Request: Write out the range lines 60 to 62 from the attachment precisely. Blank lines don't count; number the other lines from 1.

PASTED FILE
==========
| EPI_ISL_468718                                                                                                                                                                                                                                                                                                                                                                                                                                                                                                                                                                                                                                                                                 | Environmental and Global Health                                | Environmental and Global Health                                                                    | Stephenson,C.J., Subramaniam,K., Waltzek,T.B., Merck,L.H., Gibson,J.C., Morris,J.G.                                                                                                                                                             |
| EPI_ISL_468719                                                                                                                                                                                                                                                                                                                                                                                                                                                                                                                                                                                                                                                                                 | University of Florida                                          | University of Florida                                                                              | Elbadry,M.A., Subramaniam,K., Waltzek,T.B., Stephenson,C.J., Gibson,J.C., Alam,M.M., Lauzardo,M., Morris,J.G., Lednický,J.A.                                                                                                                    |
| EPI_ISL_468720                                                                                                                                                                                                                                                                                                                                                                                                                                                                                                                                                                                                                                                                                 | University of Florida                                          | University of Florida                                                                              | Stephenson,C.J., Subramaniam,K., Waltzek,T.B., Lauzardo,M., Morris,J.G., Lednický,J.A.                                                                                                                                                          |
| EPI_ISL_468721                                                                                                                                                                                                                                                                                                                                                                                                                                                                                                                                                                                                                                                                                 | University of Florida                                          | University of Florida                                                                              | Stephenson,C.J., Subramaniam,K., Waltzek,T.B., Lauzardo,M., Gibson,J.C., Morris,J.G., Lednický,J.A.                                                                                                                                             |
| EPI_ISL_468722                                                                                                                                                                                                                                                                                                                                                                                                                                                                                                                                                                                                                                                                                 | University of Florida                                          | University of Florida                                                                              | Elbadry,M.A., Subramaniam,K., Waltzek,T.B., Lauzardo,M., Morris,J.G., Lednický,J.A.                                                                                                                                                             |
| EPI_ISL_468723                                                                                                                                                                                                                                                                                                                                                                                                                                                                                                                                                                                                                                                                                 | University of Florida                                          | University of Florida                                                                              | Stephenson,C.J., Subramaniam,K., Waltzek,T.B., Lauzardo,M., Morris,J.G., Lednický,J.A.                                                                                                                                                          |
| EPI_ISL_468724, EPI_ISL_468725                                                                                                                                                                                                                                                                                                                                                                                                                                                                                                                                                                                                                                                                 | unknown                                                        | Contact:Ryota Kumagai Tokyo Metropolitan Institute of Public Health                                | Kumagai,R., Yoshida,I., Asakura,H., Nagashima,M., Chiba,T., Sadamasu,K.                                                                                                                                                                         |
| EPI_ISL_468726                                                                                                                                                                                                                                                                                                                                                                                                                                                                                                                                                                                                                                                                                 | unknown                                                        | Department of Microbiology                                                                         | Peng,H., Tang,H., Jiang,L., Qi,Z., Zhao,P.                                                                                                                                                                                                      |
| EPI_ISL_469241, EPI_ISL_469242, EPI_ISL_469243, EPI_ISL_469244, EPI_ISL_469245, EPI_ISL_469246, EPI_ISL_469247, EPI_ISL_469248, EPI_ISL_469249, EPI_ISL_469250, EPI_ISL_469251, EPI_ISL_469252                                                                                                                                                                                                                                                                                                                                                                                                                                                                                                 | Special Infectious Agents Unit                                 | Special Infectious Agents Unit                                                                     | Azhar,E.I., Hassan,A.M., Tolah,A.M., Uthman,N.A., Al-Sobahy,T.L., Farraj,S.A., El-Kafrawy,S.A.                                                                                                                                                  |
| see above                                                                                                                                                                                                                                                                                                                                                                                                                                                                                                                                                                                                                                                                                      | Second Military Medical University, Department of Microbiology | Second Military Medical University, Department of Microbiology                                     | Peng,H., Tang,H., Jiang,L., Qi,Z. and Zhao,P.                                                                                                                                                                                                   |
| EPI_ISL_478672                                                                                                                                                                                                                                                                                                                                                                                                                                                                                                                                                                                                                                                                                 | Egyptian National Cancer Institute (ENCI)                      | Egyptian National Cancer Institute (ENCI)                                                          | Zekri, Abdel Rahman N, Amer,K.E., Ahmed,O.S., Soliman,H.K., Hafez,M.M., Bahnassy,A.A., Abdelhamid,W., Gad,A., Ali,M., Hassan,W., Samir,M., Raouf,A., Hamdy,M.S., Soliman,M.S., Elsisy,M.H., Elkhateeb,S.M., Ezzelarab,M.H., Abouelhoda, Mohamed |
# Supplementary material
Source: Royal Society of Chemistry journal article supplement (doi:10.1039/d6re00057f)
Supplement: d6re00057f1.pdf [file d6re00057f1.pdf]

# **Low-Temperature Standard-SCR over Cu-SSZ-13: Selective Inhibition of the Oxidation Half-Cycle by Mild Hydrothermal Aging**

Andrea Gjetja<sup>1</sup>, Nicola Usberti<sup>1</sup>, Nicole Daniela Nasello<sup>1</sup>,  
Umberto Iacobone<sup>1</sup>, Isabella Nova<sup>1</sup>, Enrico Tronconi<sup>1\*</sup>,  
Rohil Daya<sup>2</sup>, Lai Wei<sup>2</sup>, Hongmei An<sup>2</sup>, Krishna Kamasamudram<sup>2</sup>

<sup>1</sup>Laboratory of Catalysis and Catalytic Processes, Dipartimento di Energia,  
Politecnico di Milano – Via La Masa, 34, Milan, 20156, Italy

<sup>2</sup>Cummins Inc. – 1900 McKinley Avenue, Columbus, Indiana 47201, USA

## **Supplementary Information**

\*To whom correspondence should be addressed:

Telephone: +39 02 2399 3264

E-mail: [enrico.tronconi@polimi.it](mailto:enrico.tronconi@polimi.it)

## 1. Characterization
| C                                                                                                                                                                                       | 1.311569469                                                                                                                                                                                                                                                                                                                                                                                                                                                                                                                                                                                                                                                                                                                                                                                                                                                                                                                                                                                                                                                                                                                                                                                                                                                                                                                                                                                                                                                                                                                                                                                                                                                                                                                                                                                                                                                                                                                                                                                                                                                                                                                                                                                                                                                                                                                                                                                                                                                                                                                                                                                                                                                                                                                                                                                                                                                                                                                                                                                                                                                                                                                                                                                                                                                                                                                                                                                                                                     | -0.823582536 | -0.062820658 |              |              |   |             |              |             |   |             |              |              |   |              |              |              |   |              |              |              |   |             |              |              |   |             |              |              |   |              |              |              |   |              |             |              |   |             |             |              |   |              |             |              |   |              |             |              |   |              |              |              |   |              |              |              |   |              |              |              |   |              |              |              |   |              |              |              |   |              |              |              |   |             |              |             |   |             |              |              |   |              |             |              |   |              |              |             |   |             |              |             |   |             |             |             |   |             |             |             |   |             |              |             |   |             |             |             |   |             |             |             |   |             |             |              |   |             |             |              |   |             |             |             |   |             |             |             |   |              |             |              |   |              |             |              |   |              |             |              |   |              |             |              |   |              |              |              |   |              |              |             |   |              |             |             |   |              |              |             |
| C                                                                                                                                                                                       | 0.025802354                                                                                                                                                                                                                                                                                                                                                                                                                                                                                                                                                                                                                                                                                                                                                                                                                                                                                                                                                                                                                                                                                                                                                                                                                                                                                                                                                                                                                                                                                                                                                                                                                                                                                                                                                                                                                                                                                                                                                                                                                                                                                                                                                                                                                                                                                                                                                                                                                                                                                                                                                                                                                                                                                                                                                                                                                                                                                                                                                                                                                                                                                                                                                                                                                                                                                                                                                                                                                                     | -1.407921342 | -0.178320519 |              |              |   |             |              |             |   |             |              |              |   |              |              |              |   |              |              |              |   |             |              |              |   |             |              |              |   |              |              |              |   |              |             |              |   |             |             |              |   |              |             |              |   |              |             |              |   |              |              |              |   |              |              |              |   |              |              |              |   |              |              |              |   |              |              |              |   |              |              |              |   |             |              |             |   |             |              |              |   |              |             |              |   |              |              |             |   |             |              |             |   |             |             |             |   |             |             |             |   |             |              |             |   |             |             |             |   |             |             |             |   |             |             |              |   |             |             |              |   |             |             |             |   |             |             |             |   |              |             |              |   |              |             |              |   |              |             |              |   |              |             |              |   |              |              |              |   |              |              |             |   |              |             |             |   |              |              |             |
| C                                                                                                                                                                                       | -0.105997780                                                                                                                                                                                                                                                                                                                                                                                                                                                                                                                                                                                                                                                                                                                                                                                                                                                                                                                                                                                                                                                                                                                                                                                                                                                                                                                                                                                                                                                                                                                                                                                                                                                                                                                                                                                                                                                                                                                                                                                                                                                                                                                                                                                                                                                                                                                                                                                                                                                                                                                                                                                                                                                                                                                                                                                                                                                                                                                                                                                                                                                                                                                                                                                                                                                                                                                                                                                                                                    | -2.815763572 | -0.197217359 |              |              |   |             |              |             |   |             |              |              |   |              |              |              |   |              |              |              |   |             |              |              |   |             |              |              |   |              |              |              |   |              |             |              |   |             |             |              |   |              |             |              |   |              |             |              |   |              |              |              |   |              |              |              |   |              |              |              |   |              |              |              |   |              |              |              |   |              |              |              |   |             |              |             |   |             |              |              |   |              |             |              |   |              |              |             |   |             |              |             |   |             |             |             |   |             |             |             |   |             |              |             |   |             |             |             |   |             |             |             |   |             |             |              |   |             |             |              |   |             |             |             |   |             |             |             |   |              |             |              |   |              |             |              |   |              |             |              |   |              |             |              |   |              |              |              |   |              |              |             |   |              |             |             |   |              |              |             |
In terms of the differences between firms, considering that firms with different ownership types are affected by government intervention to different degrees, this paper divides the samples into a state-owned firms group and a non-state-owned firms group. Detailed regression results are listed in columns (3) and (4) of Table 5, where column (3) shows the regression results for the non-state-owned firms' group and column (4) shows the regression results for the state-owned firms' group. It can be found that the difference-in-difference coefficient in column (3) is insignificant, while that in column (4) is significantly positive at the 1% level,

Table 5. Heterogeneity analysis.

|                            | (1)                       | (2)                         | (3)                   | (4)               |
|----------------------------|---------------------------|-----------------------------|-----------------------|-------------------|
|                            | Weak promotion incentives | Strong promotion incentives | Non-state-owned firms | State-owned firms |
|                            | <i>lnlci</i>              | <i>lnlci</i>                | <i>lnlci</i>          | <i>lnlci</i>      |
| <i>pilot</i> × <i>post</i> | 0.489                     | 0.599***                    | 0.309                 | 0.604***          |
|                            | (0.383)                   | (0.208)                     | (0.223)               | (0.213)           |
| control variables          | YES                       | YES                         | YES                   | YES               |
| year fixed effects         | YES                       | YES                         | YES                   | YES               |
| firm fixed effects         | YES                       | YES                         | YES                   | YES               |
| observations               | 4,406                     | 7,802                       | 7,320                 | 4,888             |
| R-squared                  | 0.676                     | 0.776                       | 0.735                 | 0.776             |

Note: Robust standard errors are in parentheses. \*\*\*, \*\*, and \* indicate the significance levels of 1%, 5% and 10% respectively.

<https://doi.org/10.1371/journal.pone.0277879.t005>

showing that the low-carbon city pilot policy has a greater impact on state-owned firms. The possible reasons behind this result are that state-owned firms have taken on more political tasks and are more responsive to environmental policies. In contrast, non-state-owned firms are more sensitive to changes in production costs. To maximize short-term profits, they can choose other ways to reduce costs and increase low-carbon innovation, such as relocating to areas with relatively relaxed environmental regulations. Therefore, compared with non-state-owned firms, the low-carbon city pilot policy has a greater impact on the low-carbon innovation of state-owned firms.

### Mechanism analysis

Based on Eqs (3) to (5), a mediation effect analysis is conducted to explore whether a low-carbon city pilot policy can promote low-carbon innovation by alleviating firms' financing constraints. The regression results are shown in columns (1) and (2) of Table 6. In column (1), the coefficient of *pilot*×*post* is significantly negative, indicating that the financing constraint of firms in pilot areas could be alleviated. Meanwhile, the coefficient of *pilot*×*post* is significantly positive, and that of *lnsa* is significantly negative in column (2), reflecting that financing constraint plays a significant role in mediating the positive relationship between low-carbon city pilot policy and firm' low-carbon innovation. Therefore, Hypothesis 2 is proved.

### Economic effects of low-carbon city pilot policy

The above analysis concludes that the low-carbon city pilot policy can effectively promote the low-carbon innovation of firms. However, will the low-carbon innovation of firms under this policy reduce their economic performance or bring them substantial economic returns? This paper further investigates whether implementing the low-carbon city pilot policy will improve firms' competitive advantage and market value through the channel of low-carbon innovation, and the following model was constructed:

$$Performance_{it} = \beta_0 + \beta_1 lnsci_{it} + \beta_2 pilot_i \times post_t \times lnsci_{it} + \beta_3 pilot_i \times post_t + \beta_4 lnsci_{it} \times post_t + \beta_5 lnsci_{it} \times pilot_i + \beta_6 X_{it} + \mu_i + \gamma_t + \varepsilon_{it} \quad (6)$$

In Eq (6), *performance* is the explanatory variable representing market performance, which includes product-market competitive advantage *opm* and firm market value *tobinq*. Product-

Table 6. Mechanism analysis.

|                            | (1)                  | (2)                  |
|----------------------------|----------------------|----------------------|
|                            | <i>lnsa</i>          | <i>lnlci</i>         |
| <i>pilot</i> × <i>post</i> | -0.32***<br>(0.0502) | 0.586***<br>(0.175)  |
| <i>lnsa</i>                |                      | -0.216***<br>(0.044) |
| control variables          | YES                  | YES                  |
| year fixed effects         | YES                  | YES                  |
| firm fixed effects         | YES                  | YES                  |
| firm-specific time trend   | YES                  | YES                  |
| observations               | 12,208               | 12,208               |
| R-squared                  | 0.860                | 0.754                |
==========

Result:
| firm fixed effects         | YES                  | YES                  |
| firm-specific time trend   | YES                  | YES                  |
| observations               | 12,208               | 12,208               |